Looking back at 2017, I would say it was my busiest year yet in terms of travel. Miami (twice!), Madrid, Lake Tahoe, New York City, a dream vacation in Italy, Cape Cod, Los Angeles and Boston, plus a staycation here in St. Louis. The number one question I get is, how do you get so much time off to travel, followed quickly by how do you afford to do that! I think especially when we're in our 20s, those are the two most daunting things - money and time. So I thought I’d share a little insight into my travel philosophy.
First off, and this is the biggest thing. Travel does not have to be expensive. Sure, a trip to Italy is not going to cheap, but it doesn’t have to be extravagant. I stalk travel deals almost daily (it’s relaxing for me) and really plan things out. Here are some of my best tips for saving on travel.
Airfare: This is probably one of the best ways to cut back on price. Airfare is expensive but there are a lot of ways to save. First off, if you can, start building miles using a credit card. Most offer enough free points when you sign up for a free flight. Set up an alert on Kayak and plan your travel around when flights are cheaper. Book your flights separately. For example, flights to Europe are much cheaper from New York than St. Louis. So often times I will find a cheap flight to Europe from NYC and then look up a cheaper deal on Southwest to get me to New York. This takes time. I spend several hours figuring out the best deals, making notes and checking different airlines and cities.
Hotels: I rarely stay at hotels anymore. AirBnB or VRBO are way cheaper and frankly a much better way to feel more like a local in a city. I’ve had a few bad experiences, but overwhelmingly our experience at AirBnBs have always been wonderful. I definitely feel like I have aged out of the hostel life. (I stayed in lots in my early 20s) It's by far the cheapest way to travel but I've found I am willing to pay a bit more for my own space.
Saving: It sounds simple but you can’t go on trips unless you plan for them. For me, traveling is a priority. I am very lucky that I don’t have a mortgage or children or other major expenses and that I can spend my money on travel. I know that won’t always be the case and that’s why I’m taking full advantage of it now. I try to save $100 a week from my paycheck to put towards my travel fund. Sometimes it’s more, sometimes it’s less. But I always try to think about how I am spending my money and how it will impact future travel. Maybe try making your own coffee at home for a week? Or bringing your lunch every day. Do what it takes to build up that travel fund.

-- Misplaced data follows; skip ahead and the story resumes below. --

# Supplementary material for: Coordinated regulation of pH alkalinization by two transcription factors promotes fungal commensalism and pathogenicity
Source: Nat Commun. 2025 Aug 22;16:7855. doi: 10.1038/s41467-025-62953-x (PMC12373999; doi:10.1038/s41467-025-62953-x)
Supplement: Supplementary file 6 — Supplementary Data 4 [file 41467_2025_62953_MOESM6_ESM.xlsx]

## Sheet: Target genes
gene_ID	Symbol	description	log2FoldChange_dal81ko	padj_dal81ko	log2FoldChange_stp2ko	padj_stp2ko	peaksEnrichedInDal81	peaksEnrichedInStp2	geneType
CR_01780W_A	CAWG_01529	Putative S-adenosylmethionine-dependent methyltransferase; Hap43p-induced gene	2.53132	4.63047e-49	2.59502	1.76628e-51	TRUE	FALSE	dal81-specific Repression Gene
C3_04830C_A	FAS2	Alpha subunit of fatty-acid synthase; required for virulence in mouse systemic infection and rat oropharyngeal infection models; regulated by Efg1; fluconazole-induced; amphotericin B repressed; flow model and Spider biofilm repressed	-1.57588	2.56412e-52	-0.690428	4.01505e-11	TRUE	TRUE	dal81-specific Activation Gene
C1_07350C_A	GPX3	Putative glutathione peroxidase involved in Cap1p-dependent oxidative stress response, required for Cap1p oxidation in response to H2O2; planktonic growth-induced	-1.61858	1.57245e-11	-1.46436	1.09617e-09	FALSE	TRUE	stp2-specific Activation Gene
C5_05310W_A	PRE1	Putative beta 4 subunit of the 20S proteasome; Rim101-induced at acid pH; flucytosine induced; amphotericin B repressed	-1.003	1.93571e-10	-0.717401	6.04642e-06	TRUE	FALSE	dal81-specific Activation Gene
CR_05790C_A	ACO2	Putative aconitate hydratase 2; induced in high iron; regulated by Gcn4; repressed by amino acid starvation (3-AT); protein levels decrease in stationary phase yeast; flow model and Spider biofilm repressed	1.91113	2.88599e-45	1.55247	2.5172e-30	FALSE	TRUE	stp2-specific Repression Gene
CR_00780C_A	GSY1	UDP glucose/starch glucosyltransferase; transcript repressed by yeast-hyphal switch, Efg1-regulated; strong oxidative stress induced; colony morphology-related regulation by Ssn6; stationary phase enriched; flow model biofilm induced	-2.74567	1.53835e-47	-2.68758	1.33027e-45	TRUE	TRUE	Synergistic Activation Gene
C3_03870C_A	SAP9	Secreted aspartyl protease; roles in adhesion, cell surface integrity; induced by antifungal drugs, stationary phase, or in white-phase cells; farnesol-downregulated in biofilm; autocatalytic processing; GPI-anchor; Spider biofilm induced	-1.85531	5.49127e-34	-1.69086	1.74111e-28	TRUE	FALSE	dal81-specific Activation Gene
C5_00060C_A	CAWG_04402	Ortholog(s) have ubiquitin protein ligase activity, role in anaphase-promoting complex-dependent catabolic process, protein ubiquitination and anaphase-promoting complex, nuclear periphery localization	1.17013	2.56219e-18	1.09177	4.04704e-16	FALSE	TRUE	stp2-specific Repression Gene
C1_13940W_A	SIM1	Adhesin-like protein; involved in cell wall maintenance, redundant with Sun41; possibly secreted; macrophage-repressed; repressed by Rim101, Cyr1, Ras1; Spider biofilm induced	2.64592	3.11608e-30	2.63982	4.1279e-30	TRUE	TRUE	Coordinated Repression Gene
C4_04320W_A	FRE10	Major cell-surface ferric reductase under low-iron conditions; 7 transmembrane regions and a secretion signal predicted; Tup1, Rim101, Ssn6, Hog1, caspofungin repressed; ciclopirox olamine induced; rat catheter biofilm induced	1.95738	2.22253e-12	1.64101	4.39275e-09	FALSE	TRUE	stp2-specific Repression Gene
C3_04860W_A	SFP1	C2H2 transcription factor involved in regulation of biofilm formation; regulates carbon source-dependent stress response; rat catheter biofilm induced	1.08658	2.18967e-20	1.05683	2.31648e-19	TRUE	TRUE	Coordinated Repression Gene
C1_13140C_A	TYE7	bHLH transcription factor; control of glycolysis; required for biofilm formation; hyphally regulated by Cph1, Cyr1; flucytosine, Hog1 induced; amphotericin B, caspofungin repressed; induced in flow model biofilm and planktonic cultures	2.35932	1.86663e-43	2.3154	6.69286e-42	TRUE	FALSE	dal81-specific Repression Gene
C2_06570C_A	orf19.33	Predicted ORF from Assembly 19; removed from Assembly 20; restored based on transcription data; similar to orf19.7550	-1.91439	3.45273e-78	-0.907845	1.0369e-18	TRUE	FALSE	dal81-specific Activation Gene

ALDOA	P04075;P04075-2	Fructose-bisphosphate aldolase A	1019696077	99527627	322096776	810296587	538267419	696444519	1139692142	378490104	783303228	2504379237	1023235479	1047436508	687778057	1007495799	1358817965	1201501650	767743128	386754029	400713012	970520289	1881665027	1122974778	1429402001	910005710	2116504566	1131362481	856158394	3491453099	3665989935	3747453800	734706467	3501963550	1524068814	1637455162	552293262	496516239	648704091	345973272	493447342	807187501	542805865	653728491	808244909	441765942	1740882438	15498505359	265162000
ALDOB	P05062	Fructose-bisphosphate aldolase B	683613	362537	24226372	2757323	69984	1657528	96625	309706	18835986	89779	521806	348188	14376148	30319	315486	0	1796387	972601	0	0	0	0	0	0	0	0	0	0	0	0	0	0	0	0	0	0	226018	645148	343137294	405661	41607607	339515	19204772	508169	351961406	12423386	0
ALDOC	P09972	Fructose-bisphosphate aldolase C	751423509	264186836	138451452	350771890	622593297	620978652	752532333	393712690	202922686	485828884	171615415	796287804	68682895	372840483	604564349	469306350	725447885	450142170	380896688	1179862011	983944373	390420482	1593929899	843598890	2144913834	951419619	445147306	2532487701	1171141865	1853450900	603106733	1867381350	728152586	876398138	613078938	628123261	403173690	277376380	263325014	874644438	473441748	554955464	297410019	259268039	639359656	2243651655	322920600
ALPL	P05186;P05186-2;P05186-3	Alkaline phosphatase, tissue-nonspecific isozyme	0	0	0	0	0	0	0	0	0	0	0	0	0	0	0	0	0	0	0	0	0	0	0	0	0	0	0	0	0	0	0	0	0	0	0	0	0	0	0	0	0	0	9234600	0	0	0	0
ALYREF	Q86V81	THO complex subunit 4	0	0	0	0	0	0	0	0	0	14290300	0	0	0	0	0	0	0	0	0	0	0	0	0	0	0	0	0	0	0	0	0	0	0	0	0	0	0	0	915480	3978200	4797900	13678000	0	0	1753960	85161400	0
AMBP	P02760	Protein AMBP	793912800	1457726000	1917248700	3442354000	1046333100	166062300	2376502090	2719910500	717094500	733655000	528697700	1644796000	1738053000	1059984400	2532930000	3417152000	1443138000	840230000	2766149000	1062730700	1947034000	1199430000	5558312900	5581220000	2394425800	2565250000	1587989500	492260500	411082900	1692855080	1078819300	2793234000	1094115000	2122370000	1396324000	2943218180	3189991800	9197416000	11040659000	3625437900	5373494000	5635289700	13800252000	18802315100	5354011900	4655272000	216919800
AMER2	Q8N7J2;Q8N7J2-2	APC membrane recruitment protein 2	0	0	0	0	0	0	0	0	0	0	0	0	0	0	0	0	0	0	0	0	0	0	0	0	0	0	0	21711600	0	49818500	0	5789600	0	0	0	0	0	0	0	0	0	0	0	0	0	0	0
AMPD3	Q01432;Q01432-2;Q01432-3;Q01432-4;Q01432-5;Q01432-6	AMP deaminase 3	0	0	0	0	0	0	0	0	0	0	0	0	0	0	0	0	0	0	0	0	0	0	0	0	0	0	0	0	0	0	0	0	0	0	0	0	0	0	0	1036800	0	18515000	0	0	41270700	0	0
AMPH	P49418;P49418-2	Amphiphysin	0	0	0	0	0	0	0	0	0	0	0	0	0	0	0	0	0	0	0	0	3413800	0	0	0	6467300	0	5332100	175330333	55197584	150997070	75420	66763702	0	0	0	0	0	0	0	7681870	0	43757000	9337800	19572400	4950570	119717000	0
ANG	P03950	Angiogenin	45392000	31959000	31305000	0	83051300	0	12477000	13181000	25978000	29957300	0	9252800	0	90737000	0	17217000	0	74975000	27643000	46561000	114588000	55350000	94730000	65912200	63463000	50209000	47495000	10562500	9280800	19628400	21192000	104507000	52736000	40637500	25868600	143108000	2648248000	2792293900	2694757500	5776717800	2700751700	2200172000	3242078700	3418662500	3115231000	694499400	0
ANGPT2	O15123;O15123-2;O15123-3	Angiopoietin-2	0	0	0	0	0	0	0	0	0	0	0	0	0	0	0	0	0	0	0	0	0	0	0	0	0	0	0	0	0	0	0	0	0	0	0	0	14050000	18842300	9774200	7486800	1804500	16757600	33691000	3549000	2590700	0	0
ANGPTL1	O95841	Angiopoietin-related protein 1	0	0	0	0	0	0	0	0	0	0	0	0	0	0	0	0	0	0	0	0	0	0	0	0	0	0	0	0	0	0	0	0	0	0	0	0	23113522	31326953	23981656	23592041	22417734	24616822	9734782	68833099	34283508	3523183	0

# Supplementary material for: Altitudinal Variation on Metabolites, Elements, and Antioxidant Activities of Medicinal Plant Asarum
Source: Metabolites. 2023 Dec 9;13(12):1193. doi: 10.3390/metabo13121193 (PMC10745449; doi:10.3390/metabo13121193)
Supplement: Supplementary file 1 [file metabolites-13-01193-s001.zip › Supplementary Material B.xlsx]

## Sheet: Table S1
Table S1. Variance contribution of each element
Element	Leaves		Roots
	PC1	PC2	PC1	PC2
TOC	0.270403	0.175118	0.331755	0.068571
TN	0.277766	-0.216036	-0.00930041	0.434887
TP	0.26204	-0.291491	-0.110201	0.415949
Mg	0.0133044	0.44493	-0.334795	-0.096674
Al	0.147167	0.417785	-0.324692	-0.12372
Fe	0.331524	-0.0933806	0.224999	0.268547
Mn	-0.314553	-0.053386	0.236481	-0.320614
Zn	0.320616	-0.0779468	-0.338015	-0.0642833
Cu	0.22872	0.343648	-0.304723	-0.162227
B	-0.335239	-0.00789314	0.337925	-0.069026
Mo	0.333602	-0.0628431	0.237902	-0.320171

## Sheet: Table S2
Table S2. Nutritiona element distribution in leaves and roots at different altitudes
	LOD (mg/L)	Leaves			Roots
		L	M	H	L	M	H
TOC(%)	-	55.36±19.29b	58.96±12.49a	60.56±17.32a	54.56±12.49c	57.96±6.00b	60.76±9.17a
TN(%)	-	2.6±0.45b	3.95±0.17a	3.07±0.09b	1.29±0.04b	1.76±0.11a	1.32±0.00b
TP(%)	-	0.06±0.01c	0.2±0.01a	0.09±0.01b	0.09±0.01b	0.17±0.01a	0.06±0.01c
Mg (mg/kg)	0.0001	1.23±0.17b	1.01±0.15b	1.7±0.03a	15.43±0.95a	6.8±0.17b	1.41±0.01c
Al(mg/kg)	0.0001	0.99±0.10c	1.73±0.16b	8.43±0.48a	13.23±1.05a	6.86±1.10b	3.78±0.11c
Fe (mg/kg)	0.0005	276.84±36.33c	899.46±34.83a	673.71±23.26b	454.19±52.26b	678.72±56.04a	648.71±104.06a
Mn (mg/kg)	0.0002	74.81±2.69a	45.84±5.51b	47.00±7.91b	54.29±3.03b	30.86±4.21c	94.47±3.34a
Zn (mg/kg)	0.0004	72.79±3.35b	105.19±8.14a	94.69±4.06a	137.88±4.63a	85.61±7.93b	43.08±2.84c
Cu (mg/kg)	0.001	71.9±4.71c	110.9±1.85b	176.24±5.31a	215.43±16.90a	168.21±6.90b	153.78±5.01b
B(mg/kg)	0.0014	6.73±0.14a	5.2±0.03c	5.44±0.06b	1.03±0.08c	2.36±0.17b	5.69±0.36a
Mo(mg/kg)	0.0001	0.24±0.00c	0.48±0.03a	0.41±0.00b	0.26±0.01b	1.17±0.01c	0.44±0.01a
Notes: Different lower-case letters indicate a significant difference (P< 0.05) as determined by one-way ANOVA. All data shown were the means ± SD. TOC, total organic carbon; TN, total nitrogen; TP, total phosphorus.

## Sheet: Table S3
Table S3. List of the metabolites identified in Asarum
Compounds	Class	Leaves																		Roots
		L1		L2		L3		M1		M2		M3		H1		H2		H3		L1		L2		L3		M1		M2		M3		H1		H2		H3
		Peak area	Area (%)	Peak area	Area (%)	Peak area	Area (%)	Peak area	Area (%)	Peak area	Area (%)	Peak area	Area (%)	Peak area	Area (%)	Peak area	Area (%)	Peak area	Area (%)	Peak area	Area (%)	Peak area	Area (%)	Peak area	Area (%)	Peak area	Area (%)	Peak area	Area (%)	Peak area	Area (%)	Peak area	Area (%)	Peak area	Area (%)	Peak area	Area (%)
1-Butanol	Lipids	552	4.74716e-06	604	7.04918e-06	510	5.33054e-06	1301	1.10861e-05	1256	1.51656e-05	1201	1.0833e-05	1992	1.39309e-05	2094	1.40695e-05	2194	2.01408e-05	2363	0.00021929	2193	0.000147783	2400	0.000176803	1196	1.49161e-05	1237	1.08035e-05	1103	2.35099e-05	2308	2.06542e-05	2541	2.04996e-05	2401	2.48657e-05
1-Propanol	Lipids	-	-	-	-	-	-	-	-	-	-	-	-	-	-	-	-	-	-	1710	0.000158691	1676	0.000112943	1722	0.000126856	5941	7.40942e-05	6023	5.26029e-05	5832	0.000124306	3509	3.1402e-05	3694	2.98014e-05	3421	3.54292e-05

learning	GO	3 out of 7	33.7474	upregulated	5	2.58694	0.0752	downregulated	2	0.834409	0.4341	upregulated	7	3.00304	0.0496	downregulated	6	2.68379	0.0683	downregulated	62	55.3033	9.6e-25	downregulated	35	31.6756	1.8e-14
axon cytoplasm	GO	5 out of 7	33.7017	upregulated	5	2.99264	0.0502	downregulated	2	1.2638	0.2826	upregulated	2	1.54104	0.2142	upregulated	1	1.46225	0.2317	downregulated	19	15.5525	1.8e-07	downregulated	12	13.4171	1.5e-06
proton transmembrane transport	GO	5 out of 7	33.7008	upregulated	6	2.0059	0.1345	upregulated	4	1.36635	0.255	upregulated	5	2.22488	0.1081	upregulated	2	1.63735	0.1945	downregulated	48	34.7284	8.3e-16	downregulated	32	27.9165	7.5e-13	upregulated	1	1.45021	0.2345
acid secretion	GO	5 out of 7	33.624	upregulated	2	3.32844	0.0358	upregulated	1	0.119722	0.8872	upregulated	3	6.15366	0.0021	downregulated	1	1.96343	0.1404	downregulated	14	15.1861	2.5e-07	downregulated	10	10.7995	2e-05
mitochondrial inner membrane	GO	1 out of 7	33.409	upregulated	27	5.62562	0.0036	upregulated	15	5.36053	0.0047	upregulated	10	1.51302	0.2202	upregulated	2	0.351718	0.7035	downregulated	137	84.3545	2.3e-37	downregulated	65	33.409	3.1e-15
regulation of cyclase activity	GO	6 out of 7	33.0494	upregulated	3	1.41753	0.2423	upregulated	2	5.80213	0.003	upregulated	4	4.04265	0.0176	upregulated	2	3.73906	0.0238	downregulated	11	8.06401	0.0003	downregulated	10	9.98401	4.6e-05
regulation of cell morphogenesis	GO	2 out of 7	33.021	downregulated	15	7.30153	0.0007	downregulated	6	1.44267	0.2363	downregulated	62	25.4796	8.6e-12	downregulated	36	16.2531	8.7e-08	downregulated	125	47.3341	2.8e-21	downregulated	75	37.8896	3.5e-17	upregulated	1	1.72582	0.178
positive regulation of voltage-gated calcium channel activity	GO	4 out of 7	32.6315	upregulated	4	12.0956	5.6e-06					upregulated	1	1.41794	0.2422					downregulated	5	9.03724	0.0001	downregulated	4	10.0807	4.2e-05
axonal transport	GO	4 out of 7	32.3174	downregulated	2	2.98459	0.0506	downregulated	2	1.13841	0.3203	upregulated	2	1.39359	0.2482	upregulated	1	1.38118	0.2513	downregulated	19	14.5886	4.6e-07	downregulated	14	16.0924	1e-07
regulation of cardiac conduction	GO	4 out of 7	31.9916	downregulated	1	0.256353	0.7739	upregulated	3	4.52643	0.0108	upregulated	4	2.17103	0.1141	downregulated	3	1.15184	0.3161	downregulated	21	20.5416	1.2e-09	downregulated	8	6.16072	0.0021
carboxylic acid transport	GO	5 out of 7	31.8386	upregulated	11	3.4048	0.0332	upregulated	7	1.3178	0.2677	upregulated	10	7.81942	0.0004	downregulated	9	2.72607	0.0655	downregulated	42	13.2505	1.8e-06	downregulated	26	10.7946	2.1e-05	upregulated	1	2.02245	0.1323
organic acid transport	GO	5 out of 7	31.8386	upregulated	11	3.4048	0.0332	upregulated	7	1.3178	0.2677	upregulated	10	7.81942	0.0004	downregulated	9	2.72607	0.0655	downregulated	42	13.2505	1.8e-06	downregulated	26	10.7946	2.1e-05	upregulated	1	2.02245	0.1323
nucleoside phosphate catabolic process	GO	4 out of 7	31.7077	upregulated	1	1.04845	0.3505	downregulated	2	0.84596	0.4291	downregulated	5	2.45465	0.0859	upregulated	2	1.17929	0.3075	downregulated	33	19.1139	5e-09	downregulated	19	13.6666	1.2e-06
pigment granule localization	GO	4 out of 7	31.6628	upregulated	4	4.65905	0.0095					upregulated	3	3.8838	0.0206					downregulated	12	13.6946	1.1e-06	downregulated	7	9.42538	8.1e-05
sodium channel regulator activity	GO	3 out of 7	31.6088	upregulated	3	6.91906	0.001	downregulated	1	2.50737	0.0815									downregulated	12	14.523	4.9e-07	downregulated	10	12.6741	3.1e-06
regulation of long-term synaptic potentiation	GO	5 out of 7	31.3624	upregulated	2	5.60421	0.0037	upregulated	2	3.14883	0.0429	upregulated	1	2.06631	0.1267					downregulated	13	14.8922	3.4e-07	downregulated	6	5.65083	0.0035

Prioritize: When I travel, eating out and experiencing the local cuisine is my biggest priority. That is where I know I want to spend money. Because of that I know I will have to cut back elsewhere. Perhaps that means walking a little farther instead of taking a cab, or not going to one of the museums and instead experiencing the city’s history through a free walking tour. And remember you don’t have to eat out at every meal. Stop at a grocery store and pick up some easy things for breakfast so you don’t spend another $10 on a pastry from the coffee shop. Unless you're in Paris, then absolutely splurge on a daily croissant.
The second thing I get asked about is time off. There’s a crazy stat out there that half of Americans do not use all their vacation days. Let me tell you, I am not one of them. I am fortunate to get three weeks vacation after working for my company for several years and I use every last one of them. And I have learned that three weeks vacation can go a long way (so can two! Which is what I had when I first started).
First off plan out your vacations. Would you rather take one long vacation with a few weekends here and there, or would you rather take several shorter vacations? Last year I took several shorts vacations. I spent about 8 days in Italy but everything else was a three or four day trip. You would be amazed how much you can get out of a three day trip. Yes, it can be exhausting and usually isn’t the most relaxing if you’re flying, but for me, I would rather take adventure over relaxation. If relaxing is your thing, think about taking a few days more, or using that long weekend for a staycation. This coming year I am taking longer trips so I know I won’t travel as much because I will give up some of those long weekends to ensure I have more time in France and Greece (can’t wait!). Also don’t be intimidated by the idea of going to Europe for a shorter trip. Last year I found an insane $400 round trip ticket to Madrid from St. Louis and because I didn’t have much vacation left, I essentially went for a long weekend! It was exhausting and I’m pretty sure I fell asleep at work on that Monday back, but it was 100% worth it.